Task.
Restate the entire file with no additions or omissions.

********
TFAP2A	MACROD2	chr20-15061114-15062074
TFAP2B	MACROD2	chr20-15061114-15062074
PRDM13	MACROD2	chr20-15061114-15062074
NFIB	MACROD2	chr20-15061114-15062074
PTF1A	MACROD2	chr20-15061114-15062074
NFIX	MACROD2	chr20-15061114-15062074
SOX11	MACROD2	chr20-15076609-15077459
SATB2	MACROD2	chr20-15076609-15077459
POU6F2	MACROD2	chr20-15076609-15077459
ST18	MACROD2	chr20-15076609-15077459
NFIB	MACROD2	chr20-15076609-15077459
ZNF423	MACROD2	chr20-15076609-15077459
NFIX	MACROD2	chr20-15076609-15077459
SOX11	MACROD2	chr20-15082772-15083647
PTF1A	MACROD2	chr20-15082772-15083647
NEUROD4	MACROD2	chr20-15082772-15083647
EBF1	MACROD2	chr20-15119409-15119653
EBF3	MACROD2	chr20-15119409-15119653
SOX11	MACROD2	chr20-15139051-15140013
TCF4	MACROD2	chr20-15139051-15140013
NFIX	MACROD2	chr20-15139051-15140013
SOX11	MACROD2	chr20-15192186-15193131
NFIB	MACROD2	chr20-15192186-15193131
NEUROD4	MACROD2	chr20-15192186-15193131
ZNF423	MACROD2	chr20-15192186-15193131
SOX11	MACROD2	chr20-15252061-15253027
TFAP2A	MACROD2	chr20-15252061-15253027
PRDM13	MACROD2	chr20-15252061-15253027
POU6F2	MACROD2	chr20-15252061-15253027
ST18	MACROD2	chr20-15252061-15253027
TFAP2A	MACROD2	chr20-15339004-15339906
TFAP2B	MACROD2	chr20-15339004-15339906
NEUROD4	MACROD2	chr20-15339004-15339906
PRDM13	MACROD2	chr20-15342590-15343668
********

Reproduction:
TFAP2A	MACROD2	chr20-15061114-15062074
TFAP2B	MACROD2	chr20-15061114-15062074
PRDM13	MACROD2	chr20-15061114-15062074
NFIB	MACROD2	chr20-15061114-15062074
PTF1A	MACROD2	chr20-15061114-15062074
NFIX	MACROD2	chr20-15061114-15062074
SOX11	MACROD2	chr20-15076609-15077459
SATB2	MACROD2	chr20-15076609-15077459
POU6F2	MACROD2	chr20-15076609-15077459
ST18	MACROD2	chr20-15076609-15077459
NFIB	MACROD2	chr20-15076609-15077459
ZNF423	MACROD2	chr20-15076609-15077459
NFIX	MACROD2	chr20-15076609-15077459
SOX11	MACROD2	chr20-15082772-15083647
PTF1A	MACROD2	chr20-15082772-15083647
NEUROD4	MACROD2	chr20-15082772-15083647
EBF1	MACROD2	chr20-15119409-15119653
EBF3	MACROD2	chr20-15119409-15119653
SOX11	MACROD2	chr20-15139051-15140013
TCF4	MACROD2	chr20-15139051-15140013
NFIX	MACROD2	chr20-15139051-15140013
SOX11	MACROD2	chr20-15192186-15193131
NFIB	MACROD2	chr20-15192186-15193131
NEUROD4	MACROD2	chr20-15192186-15193131
ZNF423	MACROD2	chr20-15192186-15193131
SOX11	MACROD2	chr20-15252061-15253027
TFAP2A	MACROD2	chr20-15252061-15253027
PRDM13	MACROD2	chr20-15252061-15253027
POU6F2	MACROD2	chr20-15252061-15253027
ST18	MACROD2	chr20-15252061-15253027
TFAP2A	MACROD2	chr20-15339004-15339906
TFAP2B	MACROD2	chr20-15339004-15339906
NEUROD4	MACROD2	chr20-15339004-15339906
PRDM13	MACROD2	chr20-15342590-15343668